Feeling like a failure today after messing up again, I had been sober for a short while and thought I was going well but managed to write myself off and am back at the beginning. My partner told me last time that if I did it again he would cancel our holiday and break up with me but for some dumb reason that didn’t scare me enough and the pull of the alcohol was too strong. He is the only person that has ever tried to help me and even stopped drinking in April to support me so I have no excuse for not doing my part as I’m not doing it alone. Any tips for how to get serious about winning this battle?
Try going to a meeting meet people who can identify with your problem , and get phone numbers lift the phone before the bottle might help you and your hubby having a good holiday
I might give that a try, I have got an appointment set up with a alcohol treatment team when I get back. We go on holidays on Saturday and I’m hoping it will give me a chance to break the cycle and get back on track. Thanks for the suggestion
It appears you need more than your partners support to remain sober. You need a program. Many of us on his forum have found that AA provides much needed support and tools to remain sober. Give it a try.
Thanks for the suggestions just reading the topics on here certainly makes you realise your not the only one that struggles with it, it’s just sad that it’s so mainstream and that people think your weird for not wanting to drink.
Are you picking yourself up and trying again? If so, you didn’t fail. You messed up, had a setback, however you want to label it. Failing is not always defined by an event, it’s defined in a lot of cases by your actions after the event, in my opinion. You’re here. That’s a step toward redemption. And I agree, at least try AA or another program. Or a few if you have alternatives in your area.
Your certainly not alone! Have realistic expectations of your situation. You didn’t become an alcoholic overnight. To change, and identify your triggers takes work. Mere willpower isn’t all it takes. There’s a lot of re-wiring, psychological and habitual changes you need accomplish.
I haven’t met one person that succeeded in cold turkey. There will be relapses and lapses. Especially, if you don’t truly commit.
Sending lots of hope and support.
Like @Violet said, it sounds like you are willing to try again. To keep going. That in no way is failure. As long as you are still trying, every sober day earned is yours to keep.
You slipped up and learned something. This is a serious disease that most can’t conquer alone. AA has worked for many of us. Give it a try😊
I’m definitely here to try again, I don’t like the feeling the next day when your not sure what you might have said or done. I’d rather be bored and sober than a drunken idiot. I’ve put myself in danger and done stupid things and it’s time to get real about looking after myself. Thanks for the words of encouragement it really does feel good to have an outlet.
I agree. My husband tried too and he tried ultimatums etc. it didn’t work. I ended up losing everything but he’s still supporting me to get help and get healthy. You need AA and sober support. Do it!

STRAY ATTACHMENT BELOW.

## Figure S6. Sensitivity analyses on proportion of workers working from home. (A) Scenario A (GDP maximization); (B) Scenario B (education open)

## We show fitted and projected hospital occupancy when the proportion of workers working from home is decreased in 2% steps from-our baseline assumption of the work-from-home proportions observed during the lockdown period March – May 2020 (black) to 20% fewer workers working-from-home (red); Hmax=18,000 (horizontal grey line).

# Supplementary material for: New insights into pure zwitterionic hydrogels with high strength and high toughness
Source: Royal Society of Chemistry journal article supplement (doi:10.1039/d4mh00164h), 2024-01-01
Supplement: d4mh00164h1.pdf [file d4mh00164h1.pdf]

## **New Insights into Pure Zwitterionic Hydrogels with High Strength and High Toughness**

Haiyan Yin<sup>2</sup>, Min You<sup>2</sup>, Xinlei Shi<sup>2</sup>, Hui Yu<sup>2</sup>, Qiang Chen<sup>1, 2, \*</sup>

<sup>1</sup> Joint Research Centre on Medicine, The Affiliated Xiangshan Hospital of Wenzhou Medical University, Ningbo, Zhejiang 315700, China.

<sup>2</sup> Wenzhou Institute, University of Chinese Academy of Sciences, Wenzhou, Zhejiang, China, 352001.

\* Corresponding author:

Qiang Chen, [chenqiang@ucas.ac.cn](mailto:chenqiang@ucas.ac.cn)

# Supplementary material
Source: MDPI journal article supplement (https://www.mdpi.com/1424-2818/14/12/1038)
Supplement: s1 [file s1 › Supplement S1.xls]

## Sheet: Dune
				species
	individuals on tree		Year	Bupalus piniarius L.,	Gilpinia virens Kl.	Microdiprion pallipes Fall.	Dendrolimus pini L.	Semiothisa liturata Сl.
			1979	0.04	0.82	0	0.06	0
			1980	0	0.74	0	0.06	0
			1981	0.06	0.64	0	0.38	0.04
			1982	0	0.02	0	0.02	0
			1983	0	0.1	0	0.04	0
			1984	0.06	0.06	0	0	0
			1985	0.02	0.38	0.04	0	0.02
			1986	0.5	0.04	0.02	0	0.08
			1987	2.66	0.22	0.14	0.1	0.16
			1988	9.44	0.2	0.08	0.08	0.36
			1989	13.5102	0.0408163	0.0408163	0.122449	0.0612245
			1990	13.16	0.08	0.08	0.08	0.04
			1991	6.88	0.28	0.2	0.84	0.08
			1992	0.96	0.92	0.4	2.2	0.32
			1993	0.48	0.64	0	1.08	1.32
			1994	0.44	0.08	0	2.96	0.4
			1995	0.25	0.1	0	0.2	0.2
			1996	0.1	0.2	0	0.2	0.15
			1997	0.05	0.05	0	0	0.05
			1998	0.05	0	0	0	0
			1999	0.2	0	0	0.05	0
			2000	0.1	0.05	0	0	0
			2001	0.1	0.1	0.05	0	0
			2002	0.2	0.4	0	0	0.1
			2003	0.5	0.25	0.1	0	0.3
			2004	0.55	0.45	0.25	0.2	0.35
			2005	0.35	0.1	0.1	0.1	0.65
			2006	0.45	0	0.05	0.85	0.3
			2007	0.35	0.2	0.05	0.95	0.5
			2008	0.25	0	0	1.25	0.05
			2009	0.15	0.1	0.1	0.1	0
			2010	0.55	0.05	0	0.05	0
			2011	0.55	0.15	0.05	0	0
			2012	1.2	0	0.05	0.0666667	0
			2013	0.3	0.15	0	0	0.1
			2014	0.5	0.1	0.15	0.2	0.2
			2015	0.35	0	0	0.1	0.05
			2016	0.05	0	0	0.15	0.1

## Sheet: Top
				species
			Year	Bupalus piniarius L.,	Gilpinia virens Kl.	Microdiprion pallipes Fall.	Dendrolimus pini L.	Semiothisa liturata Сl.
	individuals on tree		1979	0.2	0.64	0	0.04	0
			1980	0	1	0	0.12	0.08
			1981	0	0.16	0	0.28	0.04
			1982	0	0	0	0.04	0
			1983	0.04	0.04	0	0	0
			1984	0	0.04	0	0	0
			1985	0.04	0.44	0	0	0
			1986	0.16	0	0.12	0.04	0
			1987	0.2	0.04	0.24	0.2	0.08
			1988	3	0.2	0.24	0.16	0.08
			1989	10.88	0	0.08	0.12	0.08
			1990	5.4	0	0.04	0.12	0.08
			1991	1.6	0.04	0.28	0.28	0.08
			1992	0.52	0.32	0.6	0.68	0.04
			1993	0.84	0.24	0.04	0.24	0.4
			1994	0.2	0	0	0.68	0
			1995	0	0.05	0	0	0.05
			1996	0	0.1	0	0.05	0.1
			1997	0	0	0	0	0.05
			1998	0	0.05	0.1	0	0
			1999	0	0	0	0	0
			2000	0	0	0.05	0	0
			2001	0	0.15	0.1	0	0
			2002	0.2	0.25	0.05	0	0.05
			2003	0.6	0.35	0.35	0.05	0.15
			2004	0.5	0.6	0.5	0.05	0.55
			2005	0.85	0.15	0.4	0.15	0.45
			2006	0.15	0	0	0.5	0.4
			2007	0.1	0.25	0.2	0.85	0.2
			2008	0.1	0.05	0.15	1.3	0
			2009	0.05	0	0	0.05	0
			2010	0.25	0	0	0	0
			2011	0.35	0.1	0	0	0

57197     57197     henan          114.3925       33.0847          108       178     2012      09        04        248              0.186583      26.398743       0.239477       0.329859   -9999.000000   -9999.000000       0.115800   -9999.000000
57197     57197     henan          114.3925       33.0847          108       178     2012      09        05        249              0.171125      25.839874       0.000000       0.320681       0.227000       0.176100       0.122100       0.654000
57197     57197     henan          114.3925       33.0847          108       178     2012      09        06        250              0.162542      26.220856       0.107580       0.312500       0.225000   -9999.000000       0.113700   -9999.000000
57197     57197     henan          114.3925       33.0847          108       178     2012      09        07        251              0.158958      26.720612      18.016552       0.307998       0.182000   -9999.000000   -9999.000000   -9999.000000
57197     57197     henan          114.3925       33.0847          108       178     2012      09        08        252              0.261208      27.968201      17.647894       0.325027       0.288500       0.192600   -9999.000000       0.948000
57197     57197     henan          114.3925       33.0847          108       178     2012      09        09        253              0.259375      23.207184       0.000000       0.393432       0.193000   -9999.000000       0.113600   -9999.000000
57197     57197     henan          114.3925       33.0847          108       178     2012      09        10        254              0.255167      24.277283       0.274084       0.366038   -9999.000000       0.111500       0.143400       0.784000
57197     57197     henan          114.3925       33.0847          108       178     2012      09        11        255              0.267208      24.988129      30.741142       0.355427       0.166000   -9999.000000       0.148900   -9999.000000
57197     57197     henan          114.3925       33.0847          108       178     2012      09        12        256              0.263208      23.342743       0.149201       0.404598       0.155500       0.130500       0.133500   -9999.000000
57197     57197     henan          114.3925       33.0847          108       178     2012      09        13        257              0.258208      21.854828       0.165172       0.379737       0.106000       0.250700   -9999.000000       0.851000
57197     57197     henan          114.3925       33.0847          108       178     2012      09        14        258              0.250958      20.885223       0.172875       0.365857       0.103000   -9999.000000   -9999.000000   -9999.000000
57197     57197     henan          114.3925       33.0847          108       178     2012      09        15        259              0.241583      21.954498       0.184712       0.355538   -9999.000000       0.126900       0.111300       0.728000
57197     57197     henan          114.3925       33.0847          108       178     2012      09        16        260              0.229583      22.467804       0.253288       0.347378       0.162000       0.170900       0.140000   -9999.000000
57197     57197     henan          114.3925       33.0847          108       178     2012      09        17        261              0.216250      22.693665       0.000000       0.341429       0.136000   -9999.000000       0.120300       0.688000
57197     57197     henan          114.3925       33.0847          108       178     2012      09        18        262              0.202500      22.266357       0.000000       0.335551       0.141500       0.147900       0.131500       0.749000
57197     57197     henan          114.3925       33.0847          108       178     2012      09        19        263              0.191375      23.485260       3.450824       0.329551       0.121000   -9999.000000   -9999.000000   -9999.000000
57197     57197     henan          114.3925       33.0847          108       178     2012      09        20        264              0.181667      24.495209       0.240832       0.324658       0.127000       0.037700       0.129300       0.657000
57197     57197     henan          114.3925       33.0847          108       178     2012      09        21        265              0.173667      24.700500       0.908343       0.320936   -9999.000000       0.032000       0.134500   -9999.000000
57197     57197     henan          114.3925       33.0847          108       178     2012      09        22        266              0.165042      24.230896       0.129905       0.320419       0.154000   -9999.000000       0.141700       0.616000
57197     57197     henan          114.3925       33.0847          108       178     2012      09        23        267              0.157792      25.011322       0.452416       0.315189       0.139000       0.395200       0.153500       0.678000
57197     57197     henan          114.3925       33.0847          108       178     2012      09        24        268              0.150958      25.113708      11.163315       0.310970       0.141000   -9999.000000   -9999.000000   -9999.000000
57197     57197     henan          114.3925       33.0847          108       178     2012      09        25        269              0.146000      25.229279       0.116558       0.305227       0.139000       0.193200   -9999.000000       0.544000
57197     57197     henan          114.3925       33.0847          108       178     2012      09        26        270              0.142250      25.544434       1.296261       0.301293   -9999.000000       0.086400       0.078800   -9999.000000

I hear ya. Open up and be honest and keep trying. Don’t give up. Even if you drink again don’t give up. Keep trying. Your time will come.
I’m sorry you’re feeling defeated. I’ve been there many MANY TIMES, but sometimes it’s not just about “getting serious” as it is 'getting real". Most of us on here are extremely sincere and serious about getting sober but once the harsh realities of life and how to cope take over, so do our learned or inherited behaviors.
What’s helped me “get REAL” and sustain myself through the struggles of staying sober is focusing not on the abstinence of alcohol but the abundance of love that grows in it’s absence. Granted, this love doesn’t come right away or without sustained effort, but soon the small subtle changes will bring on visible results.
It makes me think of the kids book The Velveteen Rabbit and the role LOVE has in making us REAL people and not just human shells getting through life coping instead of truly transforming. The transition hurts and we may loose things and people along the way, but those who love us for not only us, but for our potential will see beyond the shabby bits of ourselves and see the strength and endurance we slowly attain on our journey to recovery.
You’re already serious, you just have to build experience and sobriety muscles. Before anyone learns to walk they first have to crawl, and when taking the first steps there is bound to be a few falls before we can walk tall, then once you get the hang of that, you’ll be running along with the other runners in this long distance race to our true REAL sober selves.
"Real isn’t how you are made,’ said the Skin Horse. ‘It’s a thing that happens to you. When a child loves you for a long, long time, not just to play with, but REALLY loves you, then you become Real.’
‘Does it hurt?’ asked the Rabbit.
‘Sometimes,’ said the Skin Horse, for he was always truthful. ‘When you are Real you don’t mind being hurt.’
‘Does it happen all at once, like being wound up,’ he asked, ‘or bit by bit?’
‘It doesn’t happen all at once,’ said the Skin Horse. 'You become. It takes a long time. That’s why it doesn’t happen often to people who break easily, or have sharp edges, or who have to be carefully kept. Generally, by the time you are Real, most of your hair has been loved off, and your eyes drop out and you get loose in the joints and very shabby. But these things don’t matter at all, because once you are Real you can’t be ugly, except to people who don’t understand."